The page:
In the United States, politicians, journalists, and gun control activists who talk about “assault rifles” often treat the term as interchangeable with “assault weapons,” an arbitrary categorydefined by law. While the criteria vary from one jurisdiction to another, “assault weapons” in the United States are similar to New Zealand’s original definition of MSSAs in the sense that the category includes guns with “military-style” features, such as folding stocks, bayonet lugs, and flash suppressors, that do not make the weapons any more deadly in the hands of a mass shooter.
By contrast, New Zealand’s new definition of military-style semi-automatics, which will now be not just restricted but banned, hinges on a functionally significant distinction: the ability to accept detachable magazines. At the same time, that criterion is so broad that it renders the term military-style meaningless and sweeps in a wide range of firearms used for lawful purposes. In the United States—which, unlike New Zealand, has a constitution that guarantees the right to armed self-defense—such a sweeping ban would be inconsistent with Supreme Court rulings rejecting bans on semi-automatic handguns. Yet it is more logical than American-style “assault weapon” bans, which focus on looks rather than lethality.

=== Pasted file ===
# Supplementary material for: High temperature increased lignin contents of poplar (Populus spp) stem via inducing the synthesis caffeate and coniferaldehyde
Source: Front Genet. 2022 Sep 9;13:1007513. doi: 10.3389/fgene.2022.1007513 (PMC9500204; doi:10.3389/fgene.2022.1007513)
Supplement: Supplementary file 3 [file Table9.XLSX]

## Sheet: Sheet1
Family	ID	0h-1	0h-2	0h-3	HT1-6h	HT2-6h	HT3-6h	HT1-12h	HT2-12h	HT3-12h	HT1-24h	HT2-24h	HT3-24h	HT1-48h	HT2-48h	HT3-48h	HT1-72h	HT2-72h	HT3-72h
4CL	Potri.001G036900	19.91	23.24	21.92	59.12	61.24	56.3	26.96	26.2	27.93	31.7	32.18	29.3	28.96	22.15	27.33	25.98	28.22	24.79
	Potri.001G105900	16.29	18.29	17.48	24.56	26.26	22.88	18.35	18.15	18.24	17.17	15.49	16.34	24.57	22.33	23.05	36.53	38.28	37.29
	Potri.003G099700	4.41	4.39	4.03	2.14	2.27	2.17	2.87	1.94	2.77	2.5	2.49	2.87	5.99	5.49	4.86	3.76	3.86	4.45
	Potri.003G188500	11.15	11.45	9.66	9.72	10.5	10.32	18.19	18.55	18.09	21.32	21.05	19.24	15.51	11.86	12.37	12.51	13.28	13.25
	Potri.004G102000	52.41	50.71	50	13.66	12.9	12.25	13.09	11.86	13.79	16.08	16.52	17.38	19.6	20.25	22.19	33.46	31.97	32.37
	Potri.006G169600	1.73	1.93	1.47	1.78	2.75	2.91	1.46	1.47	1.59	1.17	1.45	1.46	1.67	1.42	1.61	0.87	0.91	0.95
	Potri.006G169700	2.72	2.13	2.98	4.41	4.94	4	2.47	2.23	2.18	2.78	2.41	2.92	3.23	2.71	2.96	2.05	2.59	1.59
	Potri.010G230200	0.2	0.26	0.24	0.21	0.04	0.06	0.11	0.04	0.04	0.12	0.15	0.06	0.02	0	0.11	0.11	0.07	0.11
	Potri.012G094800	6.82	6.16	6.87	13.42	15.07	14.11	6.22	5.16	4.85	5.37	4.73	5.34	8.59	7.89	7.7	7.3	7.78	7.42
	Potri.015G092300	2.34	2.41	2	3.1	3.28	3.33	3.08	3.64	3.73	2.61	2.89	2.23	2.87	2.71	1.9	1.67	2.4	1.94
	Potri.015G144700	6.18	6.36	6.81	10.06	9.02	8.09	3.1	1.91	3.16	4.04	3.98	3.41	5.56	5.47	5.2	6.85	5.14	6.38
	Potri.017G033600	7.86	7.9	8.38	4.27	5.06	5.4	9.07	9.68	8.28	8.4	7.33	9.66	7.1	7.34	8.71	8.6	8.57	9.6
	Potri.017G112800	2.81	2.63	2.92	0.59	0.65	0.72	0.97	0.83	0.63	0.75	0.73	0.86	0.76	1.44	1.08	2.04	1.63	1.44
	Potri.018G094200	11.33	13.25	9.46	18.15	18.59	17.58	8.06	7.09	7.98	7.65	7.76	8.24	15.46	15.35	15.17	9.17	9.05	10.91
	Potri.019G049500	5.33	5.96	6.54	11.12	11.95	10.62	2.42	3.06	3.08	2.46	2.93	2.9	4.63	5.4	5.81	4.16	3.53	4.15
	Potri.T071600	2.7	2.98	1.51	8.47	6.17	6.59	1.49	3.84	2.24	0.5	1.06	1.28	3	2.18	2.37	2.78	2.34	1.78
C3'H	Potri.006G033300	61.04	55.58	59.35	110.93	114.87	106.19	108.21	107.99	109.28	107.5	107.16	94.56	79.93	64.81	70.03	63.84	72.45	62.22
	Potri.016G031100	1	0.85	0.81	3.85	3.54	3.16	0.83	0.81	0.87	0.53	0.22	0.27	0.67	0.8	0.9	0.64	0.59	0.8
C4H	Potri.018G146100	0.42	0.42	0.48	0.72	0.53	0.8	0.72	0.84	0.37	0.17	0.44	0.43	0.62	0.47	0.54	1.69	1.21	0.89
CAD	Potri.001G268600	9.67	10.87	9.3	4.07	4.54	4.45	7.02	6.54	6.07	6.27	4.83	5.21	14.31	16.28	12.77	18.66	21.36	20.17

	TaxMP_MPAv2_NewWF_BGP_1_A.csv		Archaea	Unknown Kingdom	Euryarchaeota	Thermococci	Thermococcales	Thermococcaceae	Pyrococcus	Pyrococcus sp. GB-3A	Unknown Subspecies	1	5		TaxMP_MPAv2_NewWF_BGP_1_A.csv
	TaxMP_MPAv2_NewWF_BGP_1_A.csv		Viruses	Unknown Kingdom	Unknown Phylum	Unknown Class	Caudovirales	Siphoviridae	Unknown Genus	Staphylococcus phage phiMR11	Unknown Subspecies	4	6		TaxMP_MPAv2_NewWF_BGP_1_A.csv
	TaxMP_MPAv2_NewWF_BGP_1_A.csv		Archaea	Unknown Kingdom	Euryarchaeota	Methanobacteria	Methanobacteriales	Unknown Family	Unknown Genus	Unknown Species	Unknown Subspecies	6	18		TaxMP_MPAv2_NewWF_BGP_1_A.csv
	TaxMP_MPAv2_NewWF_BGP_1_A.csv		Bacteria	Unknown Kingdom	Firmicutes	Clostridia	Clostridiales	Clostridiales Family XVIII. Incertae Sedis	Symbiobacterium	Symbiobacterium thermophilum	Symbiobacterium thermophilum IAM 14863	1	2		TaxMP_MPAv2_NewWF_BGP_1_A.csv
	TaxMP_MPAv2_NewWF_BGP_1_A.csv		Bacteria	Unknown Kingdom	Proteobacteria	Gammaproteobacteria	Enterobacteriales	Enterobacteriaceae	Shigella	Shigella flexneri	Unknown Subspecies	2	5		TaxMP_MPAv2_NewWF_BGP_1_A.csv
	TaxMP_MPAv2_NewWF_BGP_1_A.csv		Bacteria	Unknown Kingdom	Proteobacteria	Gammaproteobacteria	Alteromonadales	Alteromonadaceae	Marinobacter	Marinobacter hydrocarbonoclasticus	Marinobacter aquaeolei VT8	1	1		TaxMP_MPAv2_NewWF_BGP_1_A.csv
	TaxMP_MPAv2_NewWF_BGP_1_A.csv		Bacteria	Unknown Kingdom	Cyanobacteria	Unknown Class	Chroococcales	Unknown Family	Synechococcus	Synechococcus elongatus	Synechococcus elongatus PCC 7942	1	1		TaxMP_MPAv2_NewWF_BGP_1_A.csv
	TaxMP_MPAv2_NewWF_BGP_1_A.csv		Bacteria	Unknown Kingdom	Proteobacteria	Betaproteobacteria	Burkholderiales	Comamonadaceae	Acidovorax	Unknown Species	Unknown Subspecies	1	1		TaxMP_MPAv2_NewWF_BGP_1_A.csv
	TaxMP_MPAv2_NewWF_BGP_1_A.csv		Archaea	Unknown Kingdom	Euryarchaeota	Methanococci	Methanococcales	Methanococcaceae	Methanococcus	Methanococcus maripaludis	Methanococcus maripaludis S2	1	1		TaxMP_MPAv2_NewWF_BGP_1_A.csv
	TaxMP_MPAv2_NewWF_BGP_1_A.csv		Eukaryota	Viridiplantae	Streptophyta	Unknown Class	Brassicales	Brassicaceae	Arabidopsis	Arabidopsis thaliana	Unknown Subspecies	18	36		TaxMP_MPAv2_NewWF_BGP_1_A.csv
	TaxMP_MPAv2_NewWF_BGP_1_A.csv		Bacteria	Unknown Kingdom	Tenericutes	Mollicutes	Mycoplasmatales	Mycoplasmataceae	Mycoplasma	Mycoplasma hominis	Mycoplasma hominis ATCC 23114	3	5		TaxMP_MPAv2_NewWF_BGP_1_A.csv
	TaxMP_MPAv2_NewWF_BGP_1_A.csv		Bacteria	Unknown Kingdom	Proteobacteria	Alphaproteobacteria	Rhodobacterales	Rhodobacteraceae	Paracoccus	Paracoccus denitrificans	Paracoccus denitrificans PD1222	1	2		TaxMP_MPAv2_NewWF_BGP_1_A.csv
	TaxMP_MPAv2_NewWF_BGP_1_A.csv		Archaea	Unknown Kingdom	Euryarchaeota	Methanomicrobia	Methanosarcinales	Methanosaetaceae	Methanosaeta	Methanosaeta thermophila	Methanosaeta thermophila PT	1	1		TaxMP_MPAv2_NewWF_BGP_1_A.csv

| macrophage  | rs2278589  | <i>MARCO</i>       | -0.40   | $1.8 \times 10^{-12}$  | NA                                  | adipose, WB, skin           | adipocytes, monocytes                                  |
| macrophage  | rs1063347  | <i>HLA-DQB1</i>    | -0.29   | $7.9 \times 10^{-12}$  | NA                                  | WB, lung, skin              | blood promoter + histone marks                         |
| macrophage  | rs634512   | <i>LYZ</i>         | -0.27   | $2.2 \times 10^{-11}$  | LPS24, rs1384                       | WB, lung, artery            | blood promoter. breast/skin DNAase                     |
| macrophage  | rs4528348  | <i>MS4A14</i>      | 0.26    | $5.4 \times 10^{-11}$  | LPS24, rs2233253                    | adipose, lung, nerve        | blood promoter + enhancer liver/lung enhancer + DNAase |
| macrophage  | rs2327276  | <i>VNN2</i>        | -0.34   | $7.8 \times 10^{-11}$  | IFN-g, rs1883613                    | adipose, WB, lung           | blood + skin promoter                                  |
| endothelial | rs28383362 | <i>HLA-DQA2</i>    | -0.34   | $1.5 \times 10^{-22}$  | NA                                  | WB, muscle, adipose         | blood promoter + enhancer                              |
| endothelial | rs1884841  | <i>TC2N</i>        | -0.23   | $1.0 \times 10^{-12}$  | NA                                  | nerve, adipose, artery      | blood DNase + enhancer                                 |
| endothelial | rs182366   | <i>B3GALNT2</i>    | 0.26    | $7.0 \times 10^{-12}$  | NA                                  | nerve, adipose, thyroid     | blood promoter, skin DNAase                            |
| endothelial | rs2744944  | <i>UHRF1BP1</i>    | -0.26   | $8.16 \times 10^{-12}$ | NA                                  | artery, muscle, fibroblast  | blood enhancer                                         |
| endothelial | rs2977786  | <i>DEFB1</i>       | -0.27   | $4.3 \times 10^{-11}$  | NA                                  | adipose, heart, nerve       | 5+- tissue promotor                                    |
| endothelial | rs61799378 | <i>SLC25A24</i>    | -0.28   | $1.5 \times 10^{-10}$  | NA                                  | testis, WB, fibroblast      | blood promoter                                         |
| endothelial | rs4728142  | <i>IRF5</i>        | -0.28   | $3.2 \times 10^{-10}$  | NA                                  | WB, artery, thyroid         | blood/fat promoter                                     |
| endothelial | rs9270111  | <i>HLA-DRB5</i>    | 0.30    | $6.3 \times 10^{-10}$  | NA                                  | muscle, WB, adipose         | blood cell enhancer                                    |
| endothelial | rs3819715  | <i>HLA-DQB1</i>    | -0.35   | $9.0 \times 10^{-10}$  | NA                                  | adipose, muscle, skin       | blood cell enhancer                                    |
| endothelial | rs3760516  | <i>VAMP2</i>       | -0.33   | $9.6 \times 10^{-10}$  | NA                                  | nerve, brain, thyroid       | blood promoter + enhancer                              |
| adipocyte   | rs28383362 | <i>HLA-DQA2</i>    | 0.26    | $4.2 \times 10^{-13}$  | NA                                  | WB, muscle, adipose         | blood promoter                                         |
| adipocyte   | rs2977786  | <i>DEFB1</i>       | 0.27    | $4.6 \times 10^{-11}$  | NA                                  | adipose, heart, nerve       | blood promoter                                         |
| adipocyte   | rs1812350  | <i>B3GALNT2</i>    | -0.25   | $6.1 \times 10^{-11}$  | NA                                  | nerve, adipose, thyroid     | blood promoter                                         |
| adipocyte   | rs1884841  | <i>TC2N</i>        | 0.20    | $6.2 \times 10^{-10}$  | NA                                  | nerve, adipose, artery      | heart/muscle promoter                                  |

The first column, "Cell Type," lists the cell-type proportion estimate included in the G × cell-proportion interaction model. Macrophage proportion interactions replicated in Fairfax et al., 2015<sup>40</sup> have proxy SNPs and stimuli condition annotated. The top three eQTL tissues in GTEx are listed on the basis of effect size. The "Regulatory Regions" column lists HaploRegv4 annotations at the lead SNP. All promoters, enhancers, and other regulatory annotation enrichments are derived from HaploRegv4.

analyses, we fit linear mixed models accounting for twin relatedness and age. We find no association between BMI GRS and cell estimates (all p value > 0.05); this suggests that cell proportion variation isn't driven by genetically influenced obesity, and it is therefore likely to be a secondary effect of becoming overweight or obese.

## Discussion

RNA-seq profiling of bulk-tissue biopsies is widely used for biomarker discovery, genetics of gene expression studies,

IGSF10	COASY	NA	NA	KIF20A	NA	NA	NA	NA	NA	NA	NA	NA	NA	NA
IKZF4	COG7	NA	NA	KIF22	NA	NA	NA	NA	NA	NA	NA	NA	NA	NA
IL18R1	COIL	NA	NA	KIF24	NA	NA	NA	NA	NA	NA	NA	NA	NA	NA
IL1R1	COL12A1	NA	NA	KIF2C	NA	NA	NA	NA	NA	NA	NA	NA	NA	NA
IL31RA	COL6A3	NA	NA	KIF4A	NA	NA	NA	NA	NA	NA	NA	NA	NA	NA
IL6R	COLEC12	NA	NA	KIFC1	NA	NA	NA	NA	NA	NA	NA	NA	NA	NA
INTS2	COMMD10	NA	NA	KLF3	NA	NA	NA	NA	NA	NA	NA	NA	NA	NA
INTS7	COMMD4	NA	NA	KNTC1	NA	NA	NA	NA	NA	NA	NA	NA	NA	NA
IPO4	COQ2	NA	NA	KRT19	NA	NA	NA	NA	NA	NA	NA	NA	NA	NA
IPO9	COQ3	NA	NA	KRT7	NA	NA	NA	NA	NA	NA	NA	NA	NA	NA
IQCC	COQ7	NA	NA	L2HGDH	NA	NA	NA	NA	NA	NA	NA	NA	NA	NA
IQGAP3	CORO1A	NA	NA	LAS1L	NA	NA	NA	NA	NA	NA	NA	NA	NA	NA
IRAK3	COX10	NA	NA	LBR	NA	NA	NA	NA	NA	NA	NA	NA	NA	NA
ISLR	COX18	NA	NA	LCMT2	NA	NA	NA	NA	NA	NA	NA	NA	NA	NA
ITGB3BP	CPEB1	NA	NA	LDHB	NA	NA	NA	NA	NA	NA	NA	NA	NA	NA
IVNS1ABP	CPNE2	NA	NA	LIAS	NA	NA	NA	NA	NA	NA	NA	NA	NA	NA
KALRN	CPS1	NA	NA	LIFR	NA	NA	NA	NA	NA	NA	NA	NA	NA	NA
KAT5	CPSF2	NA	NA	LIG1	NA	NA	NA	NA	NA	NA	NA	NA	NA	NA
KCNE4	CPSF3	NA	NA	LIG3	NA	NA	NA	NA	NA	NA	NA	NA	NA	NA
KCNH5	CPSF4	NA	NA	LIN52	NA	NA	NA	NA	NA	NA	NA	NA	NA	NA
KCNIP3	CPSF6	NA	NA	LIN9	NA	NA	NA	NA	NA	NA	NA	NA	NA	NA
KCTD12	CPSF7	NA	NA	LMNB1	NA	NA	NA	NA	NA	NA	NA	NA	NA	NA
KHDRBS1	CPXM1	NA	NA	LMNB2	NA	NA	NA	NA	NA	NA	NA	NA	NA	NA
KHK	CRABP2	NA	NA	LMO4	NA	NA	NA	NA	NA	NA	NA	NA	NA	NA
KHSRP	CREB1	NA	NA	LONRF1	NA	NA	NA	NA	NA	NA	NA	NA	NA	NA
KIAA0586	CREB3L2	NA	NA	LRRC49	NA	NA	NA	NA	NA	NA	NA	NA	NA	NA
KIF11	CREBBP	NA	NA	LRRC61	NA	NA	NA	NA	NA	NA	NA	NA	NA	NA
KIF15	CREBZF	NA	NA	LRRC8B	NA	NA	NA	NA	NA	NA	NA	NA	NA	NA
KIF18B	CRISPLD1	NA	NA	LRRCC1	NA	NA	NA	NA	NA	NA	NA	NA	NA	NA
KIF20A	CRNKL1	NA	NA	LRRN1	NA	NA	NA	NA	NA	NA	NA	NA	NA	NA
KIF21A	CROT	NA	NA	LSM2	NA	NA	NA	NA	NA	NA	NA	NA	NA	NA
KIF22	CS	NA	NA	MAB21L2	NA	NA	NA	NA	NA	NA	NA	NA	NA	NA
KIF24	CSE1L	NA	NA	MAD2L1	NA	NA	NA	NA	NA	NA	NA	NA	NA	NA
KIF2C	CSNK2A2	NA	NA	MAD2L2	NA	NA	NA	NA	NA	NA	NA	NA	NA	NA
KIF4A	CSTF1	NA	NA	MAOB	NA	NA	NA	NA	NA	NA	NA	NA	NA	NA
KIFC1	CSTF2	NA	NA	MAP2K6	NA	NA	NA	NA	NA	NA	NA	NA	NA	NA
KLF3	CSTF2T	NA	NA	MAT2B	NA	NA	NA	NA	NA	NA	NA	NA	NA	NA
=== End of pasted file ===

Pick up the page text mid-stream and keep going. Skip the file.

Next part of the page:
The “military-style semi-automatic weapons” New Zealand plans to ban (which may or may not be synonymous with the “assault rifles” Ardern “also” wants to ban) include many guns that never fell into that category before and do not necessarily have anything to do with the military. It is therefore more than a little confusing to continue using the same term for them, especially for Americans who imagine that the category is equivalent to what U.S. politicians have in mind when they refer to “assault weapons.”
Since the rationale for such laws is that they make it harder to obtain guns that are especially suitable for mass murder, the details matter. “Assault weapon” bans tend to draw distinctions that make no sense in light of that goal. New Zealand’s government is implicitly acknowledging that problem by focusing on function instead of appearance. But that also means imposing a much bigger burden on law-abiding gun owners, who now will be required to give up detachable magazines and the guns that accept them, which are surely more widely useful than bayonet lugs or flash suppressors. In that tradeoff, there is a lesson that American gun controllers should take to heart.
[Jacob Sullum, “New Zealand’s Sweeping New Gun Ban Would Be Unconstitutional in the U.S.” Reason, March 21]